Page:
As far as talking to Ideal employees, I have corresponded with a number of them over the years.
While looking for the rights, I contacted anyone who I could find who worked for Ideal/CBS Toys. I’ve corresponded with the people who worked on the commercials, the copy manager for the lines at that time, and a number of other people. It wasn’t something that people remembered fondly – the company essentially folded at the time when these figures were being created.
4.) Robo Force had some very cool prototype characters that were never made. Any plans to incorporate them into the line in the future?
Oh, absolutely. I consider this line a failure if we don’t get a Nazgar to the fans, finally, in the correct scale (though it would be different from the original design in the Ideal catalog).
5.) What can you tell us about your plans for the new line?
The plans I have for Robo Force are fairly ambitious.
As I mentioned before, the story is one of the most important aspects to me of a toyline.
Once I was over the initial shock of obtaining these rights, I had to figure out just what the story of Maxx and the Force was.
In conjunction with Matt Doughty, a new storyline for Maxx has been developed that I hope people find interesting. I really can’t thank Matt enough for all of his help with this project. Without his support, it wouldn’t be possible to bring any of these properties back to collectors.
The toys are an outgrowth of that story line.
There’s a number of new enemies that Maxx will have to overcome that he’s never faced before, in addition to Nazgar and his followers.
Much as Glyos does, you will see blurbs on the story on websites in the Toyfinity network (www.theroboforce.com and www.themordles.com) for these lines, as well as in a comic book-style story featured on those sites.
I’m hoping to announce the artists soon on these strips, as well as when you might expect to see the first parts of the story.
For now, what you’ll see here and there is something called “Visions of Robo Force”, where guest artists give their takes on the classic Robo Force designs. Included here, for the first time, is a piece by Ralph Niese of the Robo Force’s Ripper the Anti-Robot!
One of the realities of independent production is knowing that there are only certain things you’ll be able to do. I run into this on my movies as well. I can’t make the original line again, exactly as it was. The costs to do so would be astronomical.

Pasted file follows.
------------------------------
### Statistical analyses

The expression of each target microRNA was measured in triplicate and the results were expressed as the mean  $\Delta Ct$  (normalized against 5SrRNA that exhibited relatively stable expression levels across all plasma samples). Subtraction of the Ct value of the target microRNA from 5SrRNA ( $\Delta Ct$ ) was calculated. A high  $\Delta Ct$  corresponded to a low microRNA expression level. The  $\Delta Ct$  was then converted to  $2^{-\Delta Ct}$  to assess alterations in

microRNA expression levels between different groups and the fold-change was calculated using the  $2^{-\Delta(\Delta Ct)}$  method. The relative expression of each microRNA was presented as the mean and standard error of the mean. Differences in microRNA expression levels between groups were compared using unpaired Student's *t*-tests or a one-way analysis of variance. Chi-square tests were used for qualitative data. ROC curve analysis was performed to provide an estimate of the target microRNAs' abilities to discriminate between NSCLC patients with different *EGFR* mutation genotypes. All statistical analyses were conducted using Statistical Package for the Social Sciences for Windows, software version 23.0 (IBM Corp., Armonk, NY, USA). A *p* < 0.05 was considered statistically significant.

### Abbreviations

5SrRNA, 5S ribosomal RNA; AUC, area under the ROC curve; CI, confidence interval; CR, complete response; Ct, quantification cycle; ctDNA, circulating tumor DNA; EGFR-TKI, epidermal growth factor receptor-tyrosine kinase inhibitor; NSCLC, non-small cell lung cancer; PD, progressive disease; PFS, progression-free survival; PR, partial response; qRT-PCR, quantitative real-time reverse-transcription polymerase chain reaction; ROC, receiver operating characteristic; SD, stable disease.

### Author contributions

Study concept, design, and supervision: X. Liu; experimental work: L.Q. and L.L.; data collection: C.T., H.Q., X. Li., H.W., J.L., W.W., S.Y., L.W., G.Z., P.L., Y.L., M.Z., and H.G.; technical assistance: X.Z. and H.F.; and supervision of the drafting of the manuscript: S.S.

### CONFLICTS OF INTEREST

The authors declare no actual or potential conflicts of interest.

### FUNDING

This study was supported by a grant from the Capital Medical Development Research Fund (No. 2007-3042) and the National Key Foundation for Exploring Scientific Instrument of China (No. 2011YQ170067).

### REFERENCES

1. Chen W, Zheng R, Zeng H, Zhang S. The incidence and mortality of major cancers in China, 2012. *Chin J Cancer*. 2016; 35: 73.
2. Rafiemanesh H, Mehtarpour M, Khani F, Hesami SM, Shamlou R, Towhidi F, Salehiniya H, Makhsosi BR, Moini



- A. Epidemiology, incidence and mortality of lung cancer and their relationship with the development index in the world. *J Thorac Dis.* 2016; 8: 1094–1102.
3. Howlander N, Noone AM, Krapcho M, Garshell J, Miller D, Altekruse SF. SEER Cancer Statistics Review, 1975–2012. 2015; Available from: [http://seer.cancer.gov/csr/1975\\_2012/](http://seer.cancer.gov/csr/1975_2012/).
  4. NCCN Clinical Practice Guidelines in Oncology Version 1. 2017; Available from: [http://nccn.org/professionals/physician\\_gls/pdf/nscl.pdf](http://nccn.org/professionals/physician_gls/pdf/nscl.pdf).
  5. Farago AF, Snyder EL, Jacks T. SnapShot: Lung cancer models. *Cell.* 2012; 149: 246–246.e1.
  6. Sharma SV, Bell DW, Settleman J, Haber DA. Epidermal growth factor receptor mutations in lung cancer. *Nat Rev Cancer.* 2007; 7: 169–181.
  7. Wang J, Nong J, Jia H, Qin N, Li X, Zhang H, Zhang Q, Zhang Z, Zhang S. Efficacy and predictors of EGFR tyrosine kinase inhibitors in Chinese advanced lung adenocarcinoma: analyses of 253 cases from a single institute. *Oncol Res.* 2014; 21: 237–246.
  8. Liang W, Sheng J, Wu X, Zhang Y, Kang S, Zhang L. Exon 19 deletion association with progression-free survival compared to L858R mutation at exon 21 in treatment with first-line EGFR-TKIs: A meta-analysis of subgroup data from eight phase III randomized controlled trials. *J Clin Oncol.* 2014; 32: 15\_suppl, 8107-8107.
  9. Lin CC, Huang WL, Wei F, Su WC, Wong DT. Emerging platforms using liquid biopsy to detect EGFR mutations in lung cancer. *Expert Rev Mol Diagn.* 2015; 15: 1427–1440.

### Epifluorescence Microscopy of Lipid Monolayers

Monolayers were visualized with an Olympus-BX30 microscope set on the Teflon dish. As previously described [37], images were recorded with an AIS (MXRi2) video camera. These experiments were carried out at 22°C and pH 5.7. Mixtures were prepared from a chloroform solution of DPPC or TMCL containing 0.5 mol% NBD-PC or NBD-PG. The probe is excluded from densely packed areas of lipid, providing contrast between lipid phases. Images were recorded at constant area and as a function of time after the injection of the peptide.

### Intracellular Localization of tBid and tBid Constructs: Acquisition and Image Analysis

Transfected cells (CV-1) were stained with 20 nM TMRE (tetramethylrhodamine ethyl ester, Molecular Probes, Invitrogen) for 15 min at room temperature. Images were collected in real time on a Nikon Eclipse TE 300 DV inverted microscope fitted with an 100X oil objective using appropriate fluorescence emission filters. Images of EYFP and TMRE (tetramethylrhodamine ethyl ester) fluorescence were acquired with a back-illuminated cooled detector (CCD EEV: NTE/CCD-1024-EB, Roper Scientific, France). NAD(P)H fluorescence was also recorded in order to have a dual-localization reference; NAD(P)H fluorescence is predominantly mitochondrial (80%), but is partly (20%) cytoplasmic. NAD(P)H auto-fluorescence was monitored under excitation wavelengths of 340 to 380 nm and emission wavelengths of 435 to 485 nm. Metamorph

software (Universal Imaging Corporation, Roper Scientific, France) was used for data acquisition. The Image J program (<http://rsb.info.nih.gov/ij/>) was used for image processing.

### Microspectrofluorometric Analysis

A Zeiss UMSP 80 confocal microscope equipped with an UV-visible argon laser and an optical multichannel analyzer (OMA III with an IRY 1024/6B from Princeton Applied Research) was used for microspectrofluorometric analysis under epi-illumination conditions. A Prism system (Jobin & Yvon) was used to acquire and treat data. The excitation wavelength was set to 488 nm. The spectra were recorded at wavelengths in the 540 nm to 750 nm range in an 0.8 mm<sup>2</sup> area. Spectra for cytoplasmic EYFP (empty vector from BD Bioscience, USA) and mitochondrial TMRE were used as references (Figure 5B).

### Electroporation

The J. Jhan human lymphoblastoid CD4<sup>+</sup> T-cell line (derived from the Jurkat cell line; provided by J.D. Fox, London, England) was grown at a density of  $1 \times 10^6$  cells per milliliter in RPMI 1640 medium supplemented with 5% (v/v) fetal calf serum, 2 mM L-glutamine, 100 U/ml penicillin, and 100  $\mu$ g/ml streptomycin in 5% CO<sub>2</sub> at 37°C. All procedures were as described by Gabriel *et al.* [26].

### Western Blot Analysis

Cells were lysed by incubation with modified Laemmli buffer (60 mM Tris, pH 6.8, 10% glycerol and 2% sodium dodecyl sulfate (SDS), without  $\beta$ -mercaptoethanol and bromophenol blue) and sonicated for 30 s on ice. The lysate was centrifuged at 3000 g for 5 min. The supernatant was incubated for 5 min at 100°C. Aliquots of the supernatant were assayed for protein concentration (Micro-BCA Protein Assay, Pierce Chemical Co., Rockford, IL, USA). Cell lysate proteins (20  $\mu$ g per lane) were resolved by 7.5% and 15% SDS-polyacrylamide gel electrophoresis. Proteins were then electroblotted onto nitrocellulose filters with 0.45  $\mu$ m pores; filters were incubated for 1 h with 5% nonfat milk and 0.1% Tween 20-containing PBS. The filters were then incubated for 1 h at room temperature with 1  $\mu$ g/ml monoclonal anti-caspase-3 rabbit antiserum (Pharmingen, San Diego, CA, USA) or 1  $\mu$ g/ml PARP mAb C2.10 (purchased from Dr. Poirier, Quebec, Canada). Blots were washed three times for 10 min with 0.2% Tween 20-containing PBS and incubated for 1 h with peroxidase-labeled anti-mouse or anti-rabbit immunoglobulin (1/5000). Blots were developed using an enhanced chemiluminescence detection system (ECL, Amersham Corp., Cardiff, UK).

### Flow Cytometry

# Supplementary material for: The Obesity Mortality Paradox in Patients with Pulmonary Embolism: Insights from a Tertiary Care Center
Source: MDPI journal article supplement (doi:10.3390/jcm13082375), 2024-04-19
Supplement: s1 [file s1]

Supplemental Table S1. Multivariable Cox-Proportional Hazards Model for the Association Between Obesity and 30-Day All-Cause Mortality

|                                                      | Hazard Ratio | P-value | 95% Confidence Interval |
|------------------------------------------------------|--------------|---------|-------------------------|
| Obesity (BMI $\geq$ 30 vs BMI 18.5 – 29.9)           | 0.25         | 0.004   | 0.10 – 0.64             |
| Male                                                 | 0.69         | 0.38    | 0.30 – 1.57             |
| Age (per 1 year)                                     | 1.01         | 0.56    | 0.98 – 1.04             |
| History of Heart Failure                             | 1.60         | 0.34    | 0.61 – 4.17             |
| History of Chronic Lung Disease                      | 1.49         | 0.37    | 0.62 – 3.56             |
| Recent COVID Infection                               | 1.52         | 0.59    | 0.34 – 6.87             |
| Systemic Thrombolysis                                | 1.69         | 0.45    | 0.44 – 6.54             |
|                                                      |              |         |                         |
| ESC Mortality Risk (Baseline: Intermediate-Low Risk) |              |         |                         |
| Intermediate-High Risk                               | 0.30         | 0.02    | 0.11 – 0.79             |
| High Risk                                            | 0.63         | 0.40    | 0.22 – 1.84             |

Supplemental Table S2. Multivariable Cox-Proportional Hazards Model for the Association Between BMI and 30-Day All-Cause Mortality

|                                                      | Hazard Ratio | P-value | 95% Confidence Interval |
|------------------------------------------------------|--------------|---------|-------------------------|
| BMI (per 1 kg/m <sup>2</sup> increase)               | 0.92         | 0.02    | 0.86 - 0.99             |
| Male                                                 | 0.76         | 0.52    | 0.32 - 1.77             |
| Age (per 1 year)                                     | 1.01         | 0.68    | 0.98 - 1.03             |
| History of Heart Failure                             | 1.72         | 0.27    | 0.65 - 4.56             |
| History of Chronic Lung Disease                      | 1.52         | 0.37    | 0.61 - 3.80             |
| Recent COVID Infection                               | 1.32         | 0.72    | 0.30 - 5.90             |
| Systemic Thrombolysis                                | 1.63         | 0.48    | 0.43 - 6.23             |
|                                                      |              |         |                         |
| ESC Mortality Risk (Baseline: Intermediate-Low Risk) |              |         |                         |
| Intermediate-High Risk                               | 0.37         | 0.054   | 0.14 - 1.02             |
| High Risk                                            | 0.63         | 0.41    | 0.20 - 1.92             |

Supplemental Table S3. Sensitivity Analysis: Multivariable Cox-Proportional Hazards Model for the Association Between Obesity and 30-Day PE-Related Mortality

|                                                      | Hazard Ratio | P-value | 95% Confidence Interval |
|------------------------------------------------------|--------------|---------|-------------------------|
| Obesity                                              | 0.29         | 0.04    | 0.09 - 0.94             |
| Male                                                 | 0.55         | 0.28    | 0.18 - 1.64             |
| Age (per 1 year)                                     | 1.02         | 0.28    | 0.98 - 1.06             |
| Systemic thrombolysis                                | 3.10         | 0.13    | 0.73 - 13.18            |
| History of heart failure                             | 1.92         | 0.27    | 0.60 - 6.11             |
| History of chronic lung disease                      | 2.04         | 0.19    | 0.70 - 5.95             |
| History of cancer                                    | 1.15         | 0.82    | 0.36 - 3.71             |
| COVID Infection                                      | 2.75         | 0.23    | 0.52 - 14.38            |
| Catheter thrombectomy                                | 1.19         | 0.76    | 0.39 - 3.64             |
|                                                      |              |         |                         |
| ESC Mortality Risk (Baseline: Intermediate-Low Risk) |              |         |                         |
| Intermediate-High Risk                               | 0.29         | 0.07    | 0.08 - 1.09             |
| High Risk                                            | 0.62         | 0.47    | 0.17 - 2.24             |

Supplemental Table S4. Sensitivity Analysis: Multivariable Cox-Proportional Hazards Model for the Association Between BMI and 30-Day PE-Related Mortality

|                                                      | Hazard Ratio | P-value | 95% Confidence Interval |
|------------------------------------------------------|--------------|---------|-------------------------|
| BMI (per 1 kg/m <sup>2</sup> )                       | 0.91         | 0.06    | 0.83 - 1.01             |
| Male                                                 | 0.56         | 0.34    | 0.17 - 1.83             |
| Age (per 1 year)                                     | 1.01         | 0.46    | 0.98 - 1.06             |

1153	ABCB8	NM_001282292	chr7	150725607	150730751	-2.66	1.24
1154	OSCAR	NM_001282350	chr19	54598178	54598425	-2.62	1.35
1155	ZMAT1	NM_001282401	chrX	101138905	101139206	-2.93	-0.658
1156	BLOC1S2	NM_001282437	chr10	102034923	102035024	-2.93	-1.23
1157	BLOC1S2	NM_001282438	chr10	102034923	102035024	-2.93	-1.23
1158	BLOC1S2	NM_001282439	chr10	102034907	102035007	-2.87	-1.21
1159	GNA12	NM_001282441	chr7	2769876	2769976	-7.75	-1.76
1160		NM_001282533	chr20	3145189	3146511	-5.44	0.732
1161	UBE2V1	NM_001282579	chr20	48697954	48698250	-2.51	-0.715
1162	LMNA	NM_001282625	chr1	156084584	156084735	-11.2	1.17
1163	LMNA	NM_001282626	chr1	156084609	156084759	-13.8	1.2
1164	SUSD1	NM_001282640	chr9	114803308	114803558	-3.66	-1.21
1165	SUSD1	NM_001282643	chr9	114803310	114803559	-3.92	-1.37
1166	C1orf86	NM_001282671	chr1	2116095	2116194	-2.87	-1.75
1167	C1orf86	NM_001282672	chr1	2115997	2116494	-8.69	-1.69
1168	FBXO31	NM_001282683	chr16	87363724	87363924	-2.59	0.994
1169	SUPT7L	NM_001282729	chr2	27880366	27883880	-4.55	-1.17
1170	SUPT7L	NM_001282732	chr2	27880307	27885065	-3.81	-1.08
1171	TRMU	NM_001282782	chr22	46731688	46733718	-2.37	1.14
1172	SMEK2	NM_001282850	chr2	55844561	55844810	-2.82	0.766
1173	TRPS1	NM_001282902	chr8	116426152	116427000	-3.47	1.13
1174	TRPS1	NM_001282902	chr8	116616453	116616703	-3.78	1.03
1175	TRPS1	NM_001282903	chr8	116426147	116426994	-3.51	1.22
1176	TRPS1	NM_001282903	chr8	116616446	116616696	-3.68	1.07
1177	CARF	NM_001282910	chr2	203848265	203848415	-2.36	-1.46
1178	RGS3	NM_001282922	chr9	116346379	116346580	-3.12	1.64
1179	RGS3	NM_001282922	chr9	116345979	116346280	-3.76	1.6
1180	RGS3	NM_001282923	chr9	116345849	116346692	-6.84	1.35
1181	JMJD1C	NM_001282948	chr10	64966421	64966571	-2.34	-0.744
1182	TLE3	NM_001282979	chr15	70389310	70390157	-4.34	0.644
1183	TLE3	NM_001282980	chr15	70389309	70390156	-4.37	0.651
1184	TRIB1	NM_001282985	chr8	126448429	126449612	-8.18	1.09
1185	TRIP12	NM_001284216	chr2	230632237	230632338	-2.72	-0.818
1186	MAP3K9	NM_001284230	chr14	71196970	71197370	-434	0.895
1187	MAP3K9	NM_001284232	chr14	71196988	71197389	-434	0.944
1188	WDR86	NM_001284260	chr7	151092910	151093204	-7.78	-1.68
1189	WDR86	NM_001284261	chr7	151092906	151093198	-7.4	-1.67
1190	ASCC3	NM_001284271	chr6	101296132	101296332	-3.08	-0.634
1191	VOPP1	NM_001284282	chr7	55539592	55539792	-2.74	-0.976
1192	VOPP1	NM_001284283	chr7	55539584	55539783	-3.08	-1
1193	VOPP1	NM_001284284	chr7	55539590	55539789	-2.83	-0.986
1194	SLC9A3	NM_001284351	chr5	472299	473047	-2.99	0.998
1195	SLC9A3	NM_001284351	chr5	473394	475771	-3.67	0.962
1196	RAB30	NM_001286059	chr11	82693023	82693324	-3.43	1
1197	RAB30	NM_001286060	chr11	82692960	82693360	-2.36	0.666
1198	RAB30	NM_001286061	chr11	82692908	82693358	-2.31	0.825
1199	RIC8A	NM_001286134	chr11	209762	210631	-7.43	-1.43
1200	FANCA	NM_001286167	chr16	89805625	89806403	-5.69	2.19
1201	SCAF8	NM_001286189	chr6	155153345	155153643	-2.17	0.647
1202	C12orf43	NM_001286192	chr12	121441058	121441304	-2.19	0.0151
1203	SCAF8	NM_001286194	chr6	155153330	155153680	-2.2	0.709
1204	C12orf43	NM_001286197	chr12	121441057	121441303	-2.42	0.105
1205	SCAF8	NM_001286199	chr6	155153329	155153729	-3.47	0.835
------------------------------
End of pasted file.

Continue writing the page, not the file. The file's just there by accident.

The new figures will be much in line with items produced that have used the Glyos System. I personally enjoy the system – it’s a small bit of genius to find a way to make all of these pieces interact with each other in the way that Matt has – and that is how I want to present these items.You’ll see a mix of smaller PVC figures and larger vinyl items as time goes on.
The figures will be in a good scale to interact with existing characters that use the Glyos System joints, and I expect them to have full interchangeability with all existing Glyos products. The characters have been updated with new designs, to some extent…as soon as there is a prototype finished and the tooling costs determined, the new Maxx will be revealed to the public.
I want people to be excited, but I also don’t want to mislead anyone with a prototype that could change. People are really tired of being promised things and then getting something else, right? I think it’s important to be as honest as possible in an industry where you sign NDAs about what things cost.
If things go as currently planned, you’ll see a product from Mordles available in the next few months, and the first of the Robo Force characters this year. The line will start with Maxx and Hun-Dred, in their correct colors. As soon as I have a final tooling quote, you’ll be shown the product.
I know that when collectors hear that something is coming back, they imagine this massive flood of product. But I want to make sure people know that there isn’t going to be fifty releases in this line during 2013.
We’re really in a great time where you don’t need to rely on a corporation to force-feed you content. If you like these characters and how they are executed, it is completely up to you how far we go with it.
I’d love to be able to make Maxx, his new associate that will be revealed in the first Robo Force comic, Nazgar, the entire cast of characters, vehicles, playsets – small Mordles, giant Mordles – and things for these characters to fight and interact with that you’ve never imagined before.
It’s a chance to say that you want something different.
And I hope that Maxx is looking for missions for years to come!